Maggie Flanagan hasn't run a race with her older sister since they were on the same high school cross country team. They share the same congenital stamina, high cheekbones, almond eyes and broad smiles but have taken completely different paths. Maggie's wound through a stint with the Peace Corps in Madagascar, which led to her job as programs director for a nonprofit that promotes economic diversity by supporting tech start-ups. Running is her hobby, not her calling.

Shalane and Maggie Flanagan
Shalane Flanagan and her little sister Maggie (shown at ages 8 and 6) will run together for the first time since high school in the Boston Marathon.

"I have the genetic aptitude, and I don't have to put in a lot of miles or work to get some pretty good results," Maggie Flanagan said recently from her office in Fort Collins, Colo. "But I lack that focus and drive toward one goal that you need in order to be an elite athlete and that Shalane has in spades."

They grew up "thinking that all adults exercised four to six days a week," said their father, Steve, who with their stepmother, Monica, made running the currency of the household. "A lot of our family vacations were around track and field events."

So when Shalane put Boston 2013 on her long-range calendar more than a year ago, it was only natural that she would tell her family she wanted company in the race, someone to run with and not against her, even if they never laid eyes on each other. Maggie looked around the room at a holiday gathering and realized she was the logical and perhaps only candidate. This will be her first road marathon, but she's no endurance neophyte, having run a couple on trails -- including a 34-miler on the Slickrock Trail in Moab, Utah.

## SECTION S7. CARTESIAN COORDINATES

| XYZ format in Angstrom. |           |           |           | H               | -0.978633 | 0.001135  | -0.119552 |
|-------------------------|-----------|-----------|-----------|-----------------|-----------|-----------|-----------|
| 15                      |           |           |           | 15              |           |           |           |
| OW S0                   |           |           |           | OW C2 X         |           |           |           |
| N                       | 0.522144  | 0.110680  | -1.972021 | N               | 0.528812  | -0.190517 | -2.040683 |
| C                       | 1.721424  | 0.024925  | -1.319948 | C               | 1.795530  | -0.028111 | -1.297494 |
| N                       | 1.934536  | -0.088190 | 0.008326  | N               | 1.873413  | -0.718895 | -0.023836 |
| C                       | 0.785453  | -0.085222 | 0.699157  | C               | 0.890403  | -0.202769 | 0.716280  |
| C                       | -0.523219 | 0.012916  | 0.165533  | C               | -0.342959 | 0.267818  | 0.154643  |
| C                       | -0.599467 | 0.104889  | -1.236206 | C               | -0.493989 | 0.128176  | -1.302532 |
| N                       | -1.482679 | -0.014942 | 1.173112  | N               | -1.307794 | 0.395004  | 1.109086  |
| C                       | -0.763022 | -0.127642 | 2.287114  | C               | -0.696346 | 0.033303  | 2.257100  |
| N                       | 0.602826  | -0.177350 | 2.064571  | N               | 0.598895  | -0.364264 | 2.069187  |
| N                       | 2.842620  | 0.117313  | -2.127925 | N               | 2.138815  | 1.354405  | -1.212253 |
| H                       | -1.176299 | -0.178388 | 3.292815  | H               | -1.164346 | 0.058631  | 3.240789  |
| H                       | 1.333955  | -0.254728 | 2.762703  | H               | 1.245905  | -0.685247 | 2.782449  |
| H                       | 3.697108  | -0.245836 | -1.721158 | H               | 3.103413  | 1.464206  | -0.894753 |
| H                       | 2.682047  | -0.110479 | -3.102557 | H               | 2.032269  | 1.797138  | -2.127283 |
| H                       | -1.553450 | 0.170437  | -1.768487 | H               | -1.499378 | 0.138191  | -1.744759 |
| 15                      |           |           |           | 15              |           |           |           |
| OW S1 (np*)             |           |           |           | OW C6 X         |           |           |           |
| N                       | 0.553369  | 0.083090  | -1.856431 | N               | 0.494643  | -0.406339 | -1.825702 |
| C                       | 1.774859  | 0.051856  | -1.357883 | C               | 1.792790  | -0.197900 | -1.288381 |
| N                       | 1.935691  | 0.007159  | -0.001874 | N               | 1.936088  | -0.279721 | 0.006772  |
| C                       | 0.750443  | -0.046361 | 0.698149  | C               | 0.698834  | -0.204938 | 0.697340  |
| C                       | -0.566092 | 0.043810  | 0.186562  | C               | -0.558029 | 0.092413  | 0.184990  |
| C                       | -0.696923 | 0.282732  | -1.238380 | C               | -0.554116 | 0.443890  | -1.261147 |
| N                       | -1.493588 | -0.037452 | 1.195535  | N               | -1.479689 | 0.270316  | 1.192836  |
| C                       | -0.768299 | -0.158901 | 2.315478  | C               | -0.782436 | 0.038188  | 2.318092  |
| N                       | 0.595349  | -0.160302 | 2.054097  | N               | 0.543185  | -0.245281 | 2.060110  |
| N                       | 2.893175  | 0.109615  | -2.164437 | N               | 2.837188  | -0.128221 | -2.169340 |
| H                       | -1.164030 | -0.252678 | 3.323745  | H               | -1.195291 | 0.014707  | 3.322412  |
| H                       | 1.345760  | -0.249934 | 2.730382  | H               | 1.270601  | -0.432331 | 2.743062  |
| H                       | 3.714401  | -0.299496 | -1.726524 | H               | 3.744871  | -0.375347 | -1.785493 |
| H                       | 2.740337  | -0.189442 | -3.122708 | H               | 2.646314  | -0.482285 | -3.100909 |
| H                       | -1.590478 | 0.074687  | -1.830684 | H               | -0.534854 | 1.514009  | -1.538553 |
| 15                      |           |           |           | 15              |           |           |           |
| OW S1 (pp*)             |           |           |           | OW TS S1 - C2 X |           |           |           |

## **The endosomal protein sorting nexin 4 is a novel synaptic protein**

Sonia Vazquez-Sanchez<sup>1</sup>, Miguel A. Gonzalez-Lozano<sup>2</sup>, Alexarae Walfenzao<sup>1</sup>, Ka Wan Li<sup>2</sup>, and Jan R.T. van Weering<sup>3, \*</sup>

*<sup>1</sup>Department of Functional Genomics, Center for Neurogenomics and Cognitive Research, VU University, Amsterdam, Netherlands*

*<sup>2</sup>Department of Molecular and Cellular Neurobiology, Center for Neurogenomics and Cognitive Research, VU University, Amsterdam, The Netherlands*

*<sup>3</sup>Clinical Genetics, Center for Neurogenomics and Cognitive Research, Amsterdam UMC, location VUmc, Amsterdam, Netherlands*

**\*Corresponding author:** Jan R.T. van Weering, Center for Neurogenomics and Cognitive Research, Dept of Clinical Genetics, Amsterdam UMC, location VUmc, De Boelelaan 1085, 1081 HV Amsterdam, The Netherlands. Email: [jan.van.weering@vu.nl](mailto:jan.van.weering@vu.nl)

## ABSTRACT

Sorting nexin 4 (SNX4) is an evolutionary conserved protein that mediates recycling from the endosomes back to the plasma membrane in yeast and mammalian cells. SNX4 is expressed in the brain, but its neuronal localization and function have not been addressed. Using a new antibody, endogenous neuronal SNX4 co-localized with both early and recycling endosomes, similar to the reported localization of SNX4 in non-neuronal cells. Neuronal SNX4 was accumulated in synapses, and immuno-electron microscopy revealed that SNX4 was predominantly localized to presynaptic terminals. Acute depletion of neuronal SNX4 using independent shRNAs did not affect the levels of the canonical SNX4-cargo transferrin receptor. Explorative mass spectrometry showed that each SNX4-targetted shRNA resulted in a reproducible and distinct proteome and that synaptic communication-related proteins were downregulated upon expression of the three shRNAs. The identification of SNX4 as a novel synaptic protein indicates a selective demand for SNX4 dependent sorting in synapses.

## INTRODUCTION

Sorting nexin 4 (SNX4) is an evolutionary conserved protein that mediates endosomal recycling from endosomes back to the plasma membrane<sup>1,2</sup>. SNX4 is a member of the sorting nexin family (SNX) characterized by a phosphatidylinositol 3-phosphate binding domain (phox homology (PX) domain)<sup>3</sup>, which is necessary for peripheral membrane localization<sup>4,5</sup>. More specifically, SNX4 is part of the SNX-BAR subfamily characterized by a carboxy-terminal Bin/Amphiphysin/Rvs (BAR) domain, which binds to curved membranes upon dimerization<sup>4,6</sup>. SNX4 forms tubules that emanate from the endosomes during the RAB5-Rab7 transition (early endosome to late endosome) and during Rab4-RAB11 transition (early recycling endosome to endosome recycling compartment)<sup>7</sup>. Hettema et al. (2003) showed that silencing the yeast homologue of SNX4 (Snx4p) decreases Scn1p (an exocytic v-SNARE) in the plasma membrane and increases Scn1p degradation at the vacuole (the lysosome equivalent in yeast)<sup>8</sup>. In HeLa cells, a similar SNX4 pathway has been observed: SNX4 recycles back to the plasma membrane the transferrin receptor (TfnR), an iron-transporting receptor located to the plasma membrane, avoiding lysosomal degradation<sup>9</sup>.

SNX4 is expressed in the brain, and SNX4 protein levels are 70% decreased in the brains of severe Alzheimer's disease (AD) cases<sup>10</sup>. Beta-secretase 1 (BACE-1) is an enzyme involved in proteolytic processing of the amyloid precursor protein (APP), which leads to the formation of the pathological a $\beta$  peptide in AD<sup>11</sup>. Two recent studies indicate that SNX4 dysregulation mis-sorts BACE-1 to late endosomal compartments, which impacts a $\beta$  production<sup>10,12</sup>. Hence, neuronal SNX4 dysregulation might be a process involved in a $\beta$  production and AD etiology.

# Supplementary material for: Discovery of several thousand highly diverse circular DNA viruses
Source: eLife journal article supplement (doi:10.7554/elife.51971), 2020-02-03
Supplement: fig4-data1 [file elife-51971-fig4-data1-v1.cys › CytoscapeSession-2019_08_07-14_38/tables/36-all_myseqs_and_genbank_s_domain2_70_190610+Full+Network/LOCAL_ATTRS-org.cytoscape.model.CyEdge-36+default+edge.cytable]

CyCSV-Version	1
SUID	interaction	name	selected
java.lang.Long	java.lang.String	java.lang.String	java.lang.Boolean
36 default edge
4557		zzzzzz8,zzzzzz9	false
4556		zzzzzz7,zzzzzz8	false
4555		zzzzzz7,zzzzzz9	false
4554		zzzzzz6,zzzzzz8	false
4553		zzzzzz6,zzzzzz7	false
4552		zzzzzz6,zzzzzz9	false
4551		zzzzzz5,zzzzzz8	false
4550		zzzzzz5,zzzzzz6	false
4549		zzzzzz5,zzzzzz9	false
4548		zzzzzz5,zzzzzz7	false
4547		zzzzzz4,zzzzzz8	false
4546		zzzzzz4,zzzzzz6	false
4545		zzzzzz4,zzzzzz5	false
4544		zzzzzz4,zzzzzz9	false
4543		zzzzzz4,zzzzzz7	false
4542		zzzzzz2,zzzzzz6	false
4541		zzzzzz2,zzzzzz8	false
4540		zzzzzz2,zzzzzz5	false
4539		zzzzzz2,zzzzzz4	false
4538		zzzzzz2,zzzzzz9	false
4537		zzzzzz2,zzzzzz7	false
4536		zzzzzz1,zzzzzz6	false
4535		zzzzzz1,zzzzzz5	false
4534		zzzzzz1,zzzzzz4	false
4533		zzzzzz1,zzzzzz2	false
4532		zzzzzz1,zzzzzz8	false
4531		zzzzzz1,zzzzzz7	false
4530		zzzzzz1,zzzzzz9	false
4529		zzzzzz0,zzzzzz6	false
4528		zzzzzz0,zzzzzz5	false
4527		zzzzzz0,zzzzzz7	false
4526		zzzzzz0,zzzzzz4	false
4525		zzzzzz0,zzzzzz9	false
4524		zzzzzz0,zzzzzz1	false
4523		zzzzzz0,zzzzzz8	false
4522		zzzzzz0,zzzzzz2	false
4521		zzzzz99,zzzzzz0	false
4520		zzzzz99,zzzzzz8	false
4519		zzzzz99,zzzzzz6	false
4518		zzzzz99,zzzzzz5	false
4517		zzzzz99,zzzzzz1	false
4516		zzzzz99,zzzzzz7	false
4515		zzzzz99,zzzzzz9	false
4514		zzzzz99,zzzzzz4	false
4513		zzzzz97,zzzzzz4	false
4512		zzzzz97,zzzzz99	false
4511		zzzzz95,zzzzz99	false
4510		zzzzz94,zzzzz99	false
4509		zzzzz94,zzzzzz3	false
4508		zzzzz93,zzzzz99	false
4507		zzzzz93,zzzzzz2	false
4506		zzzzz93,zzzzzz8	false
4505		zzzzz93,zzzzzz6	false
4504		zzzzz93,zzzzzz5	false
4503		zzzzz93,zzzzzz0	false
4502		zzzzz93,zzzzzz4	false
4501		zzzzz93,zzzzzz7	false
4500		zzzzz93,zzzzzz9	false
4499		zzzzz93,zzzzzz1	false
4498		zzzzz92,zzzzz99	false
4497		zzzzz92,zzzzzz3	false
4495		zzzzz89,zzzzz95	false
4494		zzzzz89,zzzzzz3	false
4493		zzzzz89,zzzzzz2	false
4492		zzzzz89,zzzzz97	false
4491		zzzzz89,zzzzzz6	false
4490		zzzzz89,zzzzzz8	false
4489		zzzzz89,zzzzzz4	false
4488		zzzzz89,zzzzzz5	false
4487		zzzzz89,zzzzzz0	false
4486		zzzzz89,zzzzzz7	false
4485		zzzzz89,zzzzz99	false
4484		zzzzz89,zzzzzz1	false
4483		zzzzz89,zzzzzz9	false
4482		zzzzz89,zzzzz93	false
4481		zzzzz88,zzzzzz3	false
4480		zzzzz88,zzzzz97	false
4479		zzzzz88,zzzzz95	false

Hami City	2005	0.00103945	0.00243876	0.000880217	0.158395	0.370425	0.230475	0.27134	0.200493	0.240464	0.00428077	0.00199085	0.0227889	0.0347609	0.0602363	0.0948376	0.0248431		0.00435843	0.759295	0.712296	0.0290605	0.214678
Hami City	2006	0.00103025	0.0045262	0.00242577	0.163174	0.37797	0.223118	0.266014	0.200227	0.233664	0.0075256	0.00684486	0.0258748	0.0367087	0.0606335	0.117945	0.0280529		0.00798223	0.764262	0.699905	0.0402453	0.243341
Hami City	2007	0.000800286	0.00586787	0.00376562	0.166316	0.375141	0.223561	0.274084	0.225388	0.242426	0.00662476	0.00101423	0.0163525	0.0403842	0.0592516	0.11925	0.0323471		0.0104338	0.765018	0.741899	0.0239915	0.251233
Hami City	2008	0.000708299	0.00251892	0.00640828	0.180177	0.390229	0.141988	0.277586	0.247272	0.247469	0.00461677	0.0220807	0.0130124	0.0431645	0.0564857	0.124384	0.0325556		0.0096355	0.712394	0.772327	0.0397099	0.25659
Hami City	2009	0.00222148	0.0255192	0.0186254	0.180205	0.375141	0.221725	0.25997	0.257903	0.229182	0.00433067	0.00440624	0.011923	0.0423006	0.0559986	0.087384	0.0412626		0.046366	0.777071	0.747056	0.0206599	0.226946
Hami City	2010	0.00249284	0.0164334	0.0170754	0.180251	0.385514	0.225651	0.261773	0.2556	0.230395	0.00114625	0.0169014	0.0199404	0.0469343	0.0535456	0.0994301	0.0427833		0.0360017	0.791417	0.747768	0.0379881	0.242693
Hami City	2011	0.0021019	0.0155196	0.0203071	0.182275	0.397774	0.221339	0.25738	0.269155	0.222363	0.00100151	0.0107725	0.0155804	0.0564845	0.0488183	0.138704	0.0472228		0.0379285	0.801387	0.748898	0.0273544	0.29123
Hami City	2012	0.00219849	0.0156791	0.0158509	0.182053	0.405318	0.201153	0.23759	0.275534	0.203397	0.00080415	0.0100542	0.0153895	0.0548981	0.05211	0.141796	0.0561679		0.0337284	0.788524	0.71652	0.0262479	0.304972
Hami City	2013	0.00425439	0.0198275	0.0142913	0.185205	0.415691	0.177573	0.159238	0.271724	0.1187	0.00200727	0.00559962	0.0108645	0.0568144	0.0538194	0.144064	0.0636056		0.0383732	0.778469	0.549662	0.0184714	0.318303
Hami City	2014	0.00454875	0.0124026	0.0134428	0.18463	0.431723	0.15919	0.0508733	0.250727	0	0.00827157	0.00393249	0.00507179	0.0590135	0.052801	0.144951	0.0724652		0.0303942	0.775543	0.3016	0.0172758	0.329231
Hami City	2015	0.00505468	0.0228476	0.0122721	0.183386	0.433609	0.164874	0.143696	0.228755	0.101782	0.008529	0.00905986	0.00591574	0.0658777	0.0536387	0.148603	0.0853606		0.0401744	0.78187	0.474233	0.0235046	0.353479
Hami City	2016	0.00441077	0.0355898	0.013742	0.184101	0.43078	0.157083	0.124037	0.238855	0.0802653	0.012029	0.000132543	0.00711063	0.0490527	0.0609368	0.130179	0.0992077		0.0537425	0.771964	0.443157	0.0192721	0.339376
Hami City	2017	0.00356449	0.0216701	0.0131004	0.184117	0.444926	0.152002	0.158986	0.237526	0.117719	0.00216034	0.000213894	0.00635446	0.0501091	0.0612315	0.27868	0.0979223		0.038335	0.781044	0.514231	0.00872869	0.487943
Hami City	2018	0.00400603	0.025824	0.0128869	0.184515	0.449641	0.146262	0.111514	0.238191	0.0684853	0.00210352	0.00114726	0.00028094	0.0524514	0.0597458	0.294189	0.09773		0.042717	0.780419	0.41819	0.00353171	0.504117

"I sent her some training gear and cute clothes to get her out the door," Shalane said. "She said, 'This makes up for that 14-miler I just did with snow goggles on.' She's probably taking it a little more seriously than she lets on. It means a lot to me that I'll be suffering and she's suffering at the same time. I know she'll do a good job."

When London didn't go as planned, the three-time Olympian experienced her first real bout of post-Summer Games depression. She tried to elbow it aside by training for the world half-marathon championships in October but showed up sick and ran a subpar race. That's when she realized she needed to stop grinding.

"I switched gears, and instead of doing long endurance stuff, I switched over to do some track speed stuff, which was fun and light and fluffy to me and didn't take a lot of mental work," she said.

Refreshed, she won the U.S. cross country championship earlier this year -- "Anytime Jerry has put me on the grass, it's like I'm a dog and my tail's wagging," she said -- then posted a personal best half-marathon time of 1:08:31 in New Orleans.

"Hopefully I will have worked out the kinks and faults and mistakes and can execute my best race, give Boston my best by having gone through other experiences," she said. "It would be so nice to nail it the first time instead of having a humbling experience. It would be really fun to hit a home run."

All the roads Flanagan has traveled inevitably led back to Boston, and her sister thinks the time is right for that convergence.

"She knows how to take the momentous emotion that comes with a culminating event and focus on a purpose and execute on her goal," Maggie Flanagan said. "Shalane is going to have to have a little bit of tunnel vision, but I know she'll be trying to soak it in."

Indeed, Flanagan has contemplated wearing sunglasses as she lines up for the start so she can look around without letting anyone see how badly she wants to end that day as homecoming queen.

One person she will not fool is her father, who said, "It is this one above all others, no question."